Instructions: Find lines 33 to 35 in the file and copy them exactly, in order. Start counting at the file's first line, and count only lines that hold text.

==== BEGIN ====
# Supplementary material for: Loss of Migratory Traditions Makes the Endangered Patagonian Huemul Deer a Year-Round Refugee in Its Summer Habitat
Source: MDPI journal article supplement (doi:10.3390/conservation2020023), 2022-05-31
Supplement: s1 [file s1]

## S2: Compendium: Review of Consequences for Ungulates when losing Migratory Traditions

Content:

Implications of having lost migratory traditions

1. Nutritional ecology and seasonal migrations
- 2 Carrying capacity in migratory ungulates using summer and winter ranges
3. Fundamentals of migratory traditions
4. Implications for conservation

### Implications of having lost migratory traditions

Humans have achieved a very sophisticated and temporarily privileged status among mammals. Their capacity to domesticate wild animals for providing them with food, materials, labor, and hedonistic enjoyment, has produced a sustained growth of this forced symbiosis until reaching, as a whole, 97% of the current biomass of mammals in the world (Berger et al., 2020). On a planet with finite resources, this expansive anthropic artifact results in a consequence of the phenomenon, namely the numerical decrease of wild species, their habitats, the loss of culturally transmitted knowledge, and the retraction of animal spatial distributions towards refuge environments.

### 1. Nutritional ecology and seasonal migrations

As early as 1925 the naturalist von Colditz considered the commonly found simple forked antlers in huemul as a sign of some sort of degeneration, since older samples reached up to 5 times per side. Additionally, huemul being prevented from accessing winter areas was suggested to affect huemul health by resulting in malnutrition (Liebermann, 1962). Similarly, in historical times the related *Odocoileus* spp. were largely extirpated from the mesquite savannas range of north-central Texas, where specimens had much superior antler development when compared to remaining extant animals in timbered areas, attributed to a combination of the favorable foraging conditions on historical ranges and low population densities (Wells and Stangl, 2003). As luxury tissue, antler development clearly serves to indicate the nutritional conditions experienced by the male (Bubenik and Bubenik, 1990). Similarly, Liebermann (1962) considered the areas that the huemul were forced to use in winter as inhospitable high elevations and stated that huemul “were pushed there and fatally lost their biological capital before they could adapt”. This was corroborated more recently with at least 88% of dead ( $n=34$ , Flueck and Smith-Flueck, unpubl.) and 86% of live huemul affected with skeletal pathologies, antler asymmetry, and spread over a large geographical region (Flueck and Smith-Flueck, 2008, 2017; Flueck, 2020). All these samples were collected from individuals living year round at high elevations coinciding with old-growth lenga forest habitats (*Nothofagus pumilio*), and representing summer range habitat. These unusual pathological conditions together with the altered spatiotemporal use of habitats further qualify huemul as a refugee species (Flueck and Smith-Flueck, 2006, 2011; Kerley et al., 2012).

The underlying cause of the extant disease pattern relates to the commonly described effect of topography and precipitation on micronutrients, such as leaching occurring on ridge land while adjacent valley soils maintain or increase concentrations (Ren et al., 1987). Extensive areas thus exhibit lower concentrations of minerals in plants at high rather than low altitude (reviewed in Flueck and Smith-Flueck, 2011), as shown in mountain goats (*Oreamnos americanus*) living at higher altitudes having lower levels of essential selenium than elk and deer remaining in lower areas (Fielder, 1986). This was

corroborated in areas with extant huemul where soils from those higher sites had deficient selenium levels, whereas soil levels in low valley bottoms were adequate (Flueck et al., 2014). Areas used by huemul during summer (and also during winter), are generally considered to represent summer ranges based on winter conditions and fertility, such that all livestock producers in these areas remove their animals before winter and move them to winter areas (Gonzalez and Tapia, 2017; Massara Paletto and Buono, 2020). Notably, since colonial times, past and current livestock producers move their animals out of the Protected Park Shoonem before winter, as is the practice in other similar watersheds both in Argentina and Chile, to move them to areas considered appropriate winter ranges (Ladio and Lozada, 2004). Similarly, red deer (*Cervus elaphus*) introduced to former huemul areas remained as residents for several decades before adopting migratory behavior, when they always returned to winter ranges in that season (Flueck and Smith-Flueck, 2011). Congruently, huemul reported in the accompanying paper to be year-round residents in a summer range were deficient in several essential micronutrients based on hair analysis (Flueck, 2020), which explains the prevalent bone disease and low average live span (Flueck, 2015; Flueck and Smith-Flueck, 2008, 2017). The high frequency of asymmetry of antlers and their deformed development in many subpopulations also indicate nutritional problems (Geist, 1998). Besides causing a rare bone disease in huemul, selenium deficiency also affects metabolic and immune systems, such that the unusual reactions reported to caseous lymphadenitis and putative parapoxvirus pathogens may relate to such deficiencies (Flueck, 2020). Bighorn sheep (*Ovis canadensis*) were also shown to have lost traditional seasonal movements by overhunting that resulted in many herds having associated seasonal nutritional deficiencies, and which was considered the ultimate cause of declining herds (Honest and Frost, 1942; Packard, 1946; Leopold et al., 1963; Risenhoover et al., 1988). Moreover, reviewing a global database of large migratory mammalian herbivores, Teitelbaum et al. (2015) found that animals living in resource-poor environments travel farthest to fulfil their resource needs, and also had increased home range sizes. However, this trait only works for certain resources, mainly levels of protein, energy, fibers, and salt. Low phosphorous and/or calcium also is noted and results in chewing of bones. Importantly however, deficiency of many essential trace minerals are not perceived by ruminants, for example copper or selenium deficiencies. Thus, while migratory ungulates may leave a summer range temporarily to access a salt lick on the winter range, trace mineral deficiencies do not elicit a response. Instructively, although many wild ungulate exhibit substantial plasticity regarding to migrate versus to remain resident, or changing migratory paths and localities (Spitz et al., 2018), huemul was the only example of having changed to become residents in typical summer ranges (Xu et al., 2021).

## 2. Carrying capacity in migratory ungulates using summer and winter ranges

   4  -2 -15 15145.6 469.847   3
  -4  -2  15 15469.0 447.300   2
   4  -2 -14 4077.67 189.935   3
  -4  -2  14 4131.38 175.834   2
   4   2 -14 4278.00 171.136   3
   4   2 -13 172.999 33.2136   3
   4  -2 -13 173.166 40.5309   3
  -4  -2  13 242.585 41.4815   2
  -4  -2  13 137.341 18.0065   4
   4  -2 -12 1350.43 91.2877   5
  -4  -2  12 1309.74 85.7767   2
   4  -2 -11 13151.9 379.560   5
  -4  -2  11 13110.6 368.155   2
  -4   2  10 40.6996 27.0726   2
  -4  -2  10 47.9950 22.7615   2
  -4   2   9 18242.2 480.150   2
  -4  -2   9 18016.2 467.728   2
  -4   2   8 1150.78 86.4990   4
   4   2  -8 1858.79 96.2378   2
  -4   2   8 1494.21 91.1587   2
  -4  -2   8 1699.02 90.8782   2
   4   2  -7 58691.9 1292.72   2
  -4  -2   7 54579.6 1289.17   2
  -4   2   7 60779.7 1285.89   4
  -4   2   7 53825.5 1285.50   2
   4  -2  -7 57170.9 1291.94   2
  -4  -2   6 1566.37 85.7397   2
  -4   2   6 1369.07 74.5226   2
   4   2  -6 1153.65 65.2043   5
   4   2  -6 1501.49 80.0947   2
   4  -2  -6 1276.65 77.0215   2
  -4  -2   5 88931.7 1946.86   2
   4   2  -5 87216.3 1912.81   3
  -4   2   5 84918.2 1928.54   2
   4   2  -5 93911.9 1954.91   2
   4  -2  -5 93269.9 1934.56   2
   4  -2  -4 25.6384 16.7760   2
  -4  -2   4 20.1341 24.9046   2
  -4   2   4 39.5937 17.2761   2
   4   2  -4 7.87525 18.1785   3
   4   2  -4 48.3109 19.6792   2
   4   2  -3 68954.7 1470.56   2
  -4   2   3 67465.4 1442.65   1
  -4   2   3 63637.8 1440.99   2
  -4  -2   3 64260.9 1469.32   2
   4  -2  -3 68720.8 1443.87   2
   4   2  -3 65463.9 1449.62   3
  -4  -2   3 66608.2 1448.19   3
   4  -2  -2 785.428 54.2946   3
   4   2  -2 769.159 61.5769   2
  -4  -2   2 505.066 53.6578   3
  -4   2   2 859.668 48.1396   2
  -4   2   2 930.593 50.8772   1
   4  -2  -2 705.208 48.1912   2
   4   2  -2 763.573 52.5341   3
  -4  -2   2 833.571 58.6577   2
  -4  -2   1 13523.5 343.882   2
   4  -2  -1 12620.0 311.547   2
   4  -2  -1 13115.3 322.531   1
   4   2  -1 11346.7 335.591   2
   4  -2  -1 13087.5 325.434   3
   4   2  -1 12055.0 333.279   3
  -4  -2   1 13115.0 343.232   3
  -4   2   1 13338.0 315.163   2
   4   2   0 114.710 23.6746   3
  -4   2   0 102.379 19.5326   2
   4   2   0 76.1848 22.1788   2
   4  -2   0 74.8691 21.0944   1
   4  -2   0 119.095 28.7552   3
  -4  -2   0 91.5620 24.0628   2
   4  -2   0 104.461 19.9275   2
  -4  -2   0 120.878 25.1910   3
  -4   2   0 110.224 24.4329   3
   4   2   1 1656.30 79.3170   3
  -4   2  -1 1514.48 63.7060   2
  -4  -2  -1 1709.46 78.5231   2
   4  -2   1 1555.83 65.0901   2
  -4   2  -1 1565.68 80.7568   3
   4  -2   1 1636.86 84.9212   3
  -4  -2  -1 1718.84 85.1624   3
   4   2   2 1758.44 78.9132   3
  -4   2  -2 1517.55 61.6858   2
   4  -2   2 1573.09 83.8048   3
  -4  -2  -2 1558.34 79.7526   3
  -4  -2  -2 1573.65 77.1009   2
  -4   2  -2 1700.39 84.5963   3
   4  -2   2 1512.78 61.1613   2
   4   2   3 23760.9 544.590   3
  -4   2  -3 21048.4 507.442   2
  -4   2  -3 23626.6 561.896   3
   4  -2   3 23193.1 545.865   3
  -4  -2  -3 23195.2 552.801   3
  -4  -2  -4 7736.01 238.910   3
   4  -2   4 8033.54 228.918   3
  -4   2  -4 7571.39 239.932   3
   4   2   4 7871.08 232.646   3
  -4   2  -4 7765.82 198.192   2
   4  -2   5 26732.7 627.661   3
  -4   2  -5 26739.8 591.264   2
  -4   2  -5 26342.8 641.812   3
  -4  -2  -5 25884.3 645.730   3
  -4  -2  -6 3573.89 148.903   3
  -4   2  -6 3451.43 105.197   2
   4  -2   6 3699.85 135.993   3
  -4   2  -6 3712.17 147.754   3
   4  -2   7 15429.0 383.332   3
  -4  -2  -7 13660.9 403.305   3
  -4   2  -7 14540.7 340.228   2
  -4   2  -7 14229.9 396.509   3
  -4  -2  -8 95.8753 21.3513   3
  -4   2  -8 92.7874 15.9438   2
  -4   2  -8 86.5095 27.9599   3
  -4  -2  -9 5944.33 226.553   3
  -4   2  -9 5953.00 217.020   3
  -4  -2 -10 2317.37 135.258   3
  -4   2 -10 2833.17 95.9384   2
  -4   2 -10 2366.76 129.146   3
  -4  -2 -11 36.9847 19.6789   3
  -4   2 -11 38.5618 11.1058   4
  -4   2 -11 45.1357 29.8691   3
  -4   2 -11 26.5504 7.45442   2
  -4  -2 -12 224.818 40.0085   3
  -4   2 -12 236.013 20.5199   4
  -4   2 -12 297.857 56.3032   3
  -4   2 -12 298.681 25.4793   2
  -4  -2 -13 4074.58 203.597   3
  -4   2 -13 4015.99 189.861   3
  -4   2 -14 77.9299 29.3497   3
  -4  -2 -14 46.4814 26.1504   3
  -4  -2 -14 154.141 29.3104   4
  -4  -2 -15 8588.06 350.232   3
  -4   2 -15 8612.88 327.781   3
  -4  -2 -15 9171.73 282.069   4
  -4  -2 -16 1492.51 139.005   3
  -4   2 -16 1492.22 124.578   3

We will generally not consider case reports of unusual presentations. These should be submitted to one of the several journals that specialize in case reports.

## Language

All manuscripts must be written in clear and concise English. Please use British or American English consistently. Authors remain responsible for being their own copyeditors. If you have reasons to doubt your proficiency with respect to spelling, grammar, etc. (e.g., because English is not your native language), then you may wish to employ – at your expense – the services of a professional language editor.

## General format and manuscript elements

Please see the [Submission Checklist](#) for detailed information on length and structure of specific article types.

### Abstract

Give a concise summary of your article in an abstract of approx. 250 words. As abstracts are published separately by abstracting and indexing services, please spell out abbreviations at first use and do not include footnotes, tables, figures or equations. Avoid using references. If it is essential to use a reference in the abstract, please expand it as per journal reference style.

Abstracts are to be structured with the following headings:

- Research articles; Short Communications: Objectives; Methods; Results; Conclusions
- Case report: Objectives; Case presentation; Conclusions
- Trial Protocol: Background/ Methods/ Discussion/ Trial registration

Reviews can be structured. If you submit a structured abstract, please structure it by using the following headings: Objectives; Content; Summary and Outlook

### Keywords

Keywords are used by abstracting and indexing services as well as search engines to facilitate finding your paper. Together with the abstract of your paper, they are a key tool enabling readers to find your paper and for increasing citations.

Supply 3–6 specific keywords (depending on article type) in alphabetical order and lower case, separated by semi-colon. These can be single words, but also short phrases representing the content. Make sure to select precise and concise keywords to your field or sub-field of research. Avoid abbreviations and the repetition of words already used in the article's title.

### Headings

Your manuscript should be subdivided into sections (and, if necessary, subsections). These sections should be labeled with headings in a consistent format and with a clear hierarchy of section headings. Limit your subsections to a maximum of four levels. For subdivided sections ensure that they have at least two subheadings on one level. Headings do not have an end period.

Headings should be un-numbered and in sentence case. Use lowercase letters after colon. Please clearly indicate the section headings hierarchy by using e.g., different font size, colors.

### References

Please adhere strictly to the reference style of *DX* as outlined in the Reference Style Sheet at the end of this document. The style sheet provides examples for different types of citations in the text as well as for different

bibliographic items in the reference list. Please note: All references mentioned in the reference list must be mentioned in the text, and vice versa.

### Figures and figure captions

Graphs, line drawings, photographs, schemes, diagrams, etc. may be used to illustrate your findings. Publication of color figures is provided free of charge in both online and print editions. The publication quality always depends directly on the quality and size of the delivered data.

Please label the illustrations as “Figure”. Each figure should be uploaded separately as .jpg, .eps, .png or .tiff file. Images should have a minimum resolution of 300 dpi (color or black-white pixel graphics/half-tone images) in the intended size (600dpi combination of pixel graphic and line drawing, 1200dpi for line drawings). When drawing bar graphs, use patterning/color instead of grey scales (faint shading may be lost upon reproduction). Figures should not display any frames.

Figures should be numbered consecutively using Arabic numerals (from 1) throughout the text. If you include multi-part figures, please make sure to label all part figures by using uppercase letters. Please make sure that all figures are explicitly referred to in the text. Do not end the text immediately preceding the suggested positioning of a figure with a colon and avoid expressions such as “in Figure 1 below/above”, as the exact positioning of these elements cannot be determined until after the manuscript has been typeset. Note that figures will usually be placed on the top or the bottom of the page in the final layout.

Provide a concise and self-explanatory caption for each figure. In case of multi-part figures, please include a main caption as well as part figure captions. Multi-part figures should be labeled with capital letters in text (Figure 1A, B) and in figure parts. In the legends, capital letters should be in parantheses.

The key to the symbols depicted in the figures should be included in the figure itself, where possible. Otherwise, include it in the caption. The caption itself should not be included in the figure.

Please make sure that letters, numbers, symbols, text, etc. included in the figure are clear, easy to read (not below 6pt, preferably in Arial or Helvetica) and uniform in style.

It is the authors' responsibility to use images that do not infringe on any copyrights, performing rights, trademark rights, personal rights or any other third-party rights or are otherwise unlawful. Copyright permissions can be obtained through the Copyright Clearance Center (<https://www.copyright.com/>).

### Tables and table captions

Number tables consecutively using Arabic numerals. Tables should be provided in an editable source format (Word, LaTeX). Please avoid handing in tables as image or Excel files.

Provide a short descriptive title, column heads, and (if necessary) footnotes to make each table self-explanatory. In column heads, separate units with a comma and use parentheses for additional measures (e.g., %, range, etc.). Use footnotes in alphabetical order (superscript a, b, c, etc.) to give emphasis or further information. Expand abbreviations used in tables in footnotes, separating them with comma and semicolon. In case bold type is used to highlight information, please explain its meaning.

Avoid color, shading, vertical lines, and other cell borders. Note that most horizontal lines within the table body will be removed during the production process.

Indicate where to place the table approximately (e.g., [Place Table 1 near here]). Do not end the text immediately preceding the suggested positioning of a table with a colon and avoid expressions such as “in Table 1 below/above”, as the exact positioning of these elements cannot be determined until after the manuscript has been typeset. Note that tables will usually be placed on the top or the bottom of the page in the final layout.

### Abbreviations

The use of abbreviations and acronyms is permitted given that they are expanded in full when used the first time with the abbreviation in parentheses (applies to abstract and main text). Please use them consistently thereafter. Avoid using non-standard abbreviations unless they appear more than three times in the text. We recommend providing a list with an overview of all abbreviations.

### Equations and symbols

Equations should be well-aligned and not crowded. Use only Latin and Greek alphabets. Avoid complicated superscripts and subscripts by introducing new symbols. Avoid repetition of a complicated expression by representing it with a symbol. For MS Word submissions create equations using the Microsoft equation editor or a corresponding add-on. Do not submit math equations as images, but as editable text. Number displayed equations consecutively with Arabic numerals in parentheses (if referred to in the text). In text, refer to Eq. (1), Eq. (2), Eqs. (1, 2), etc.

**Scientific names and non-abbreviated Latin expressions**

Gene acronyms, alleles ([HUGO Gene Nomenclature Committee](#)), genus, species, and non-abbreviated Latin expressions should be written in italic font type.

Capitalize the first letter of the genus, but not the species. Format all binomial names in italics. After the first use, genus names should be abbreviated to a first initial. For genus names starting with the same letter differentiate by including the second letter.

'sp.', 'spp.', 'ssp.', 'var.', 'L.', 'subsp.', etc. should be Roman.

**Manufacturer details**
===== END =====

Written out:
  -4   2   9 18242.2 480.150   2
  -4  -2   9 18016.2 467.728   2
  -4   2   8 1150.78 86.4990   4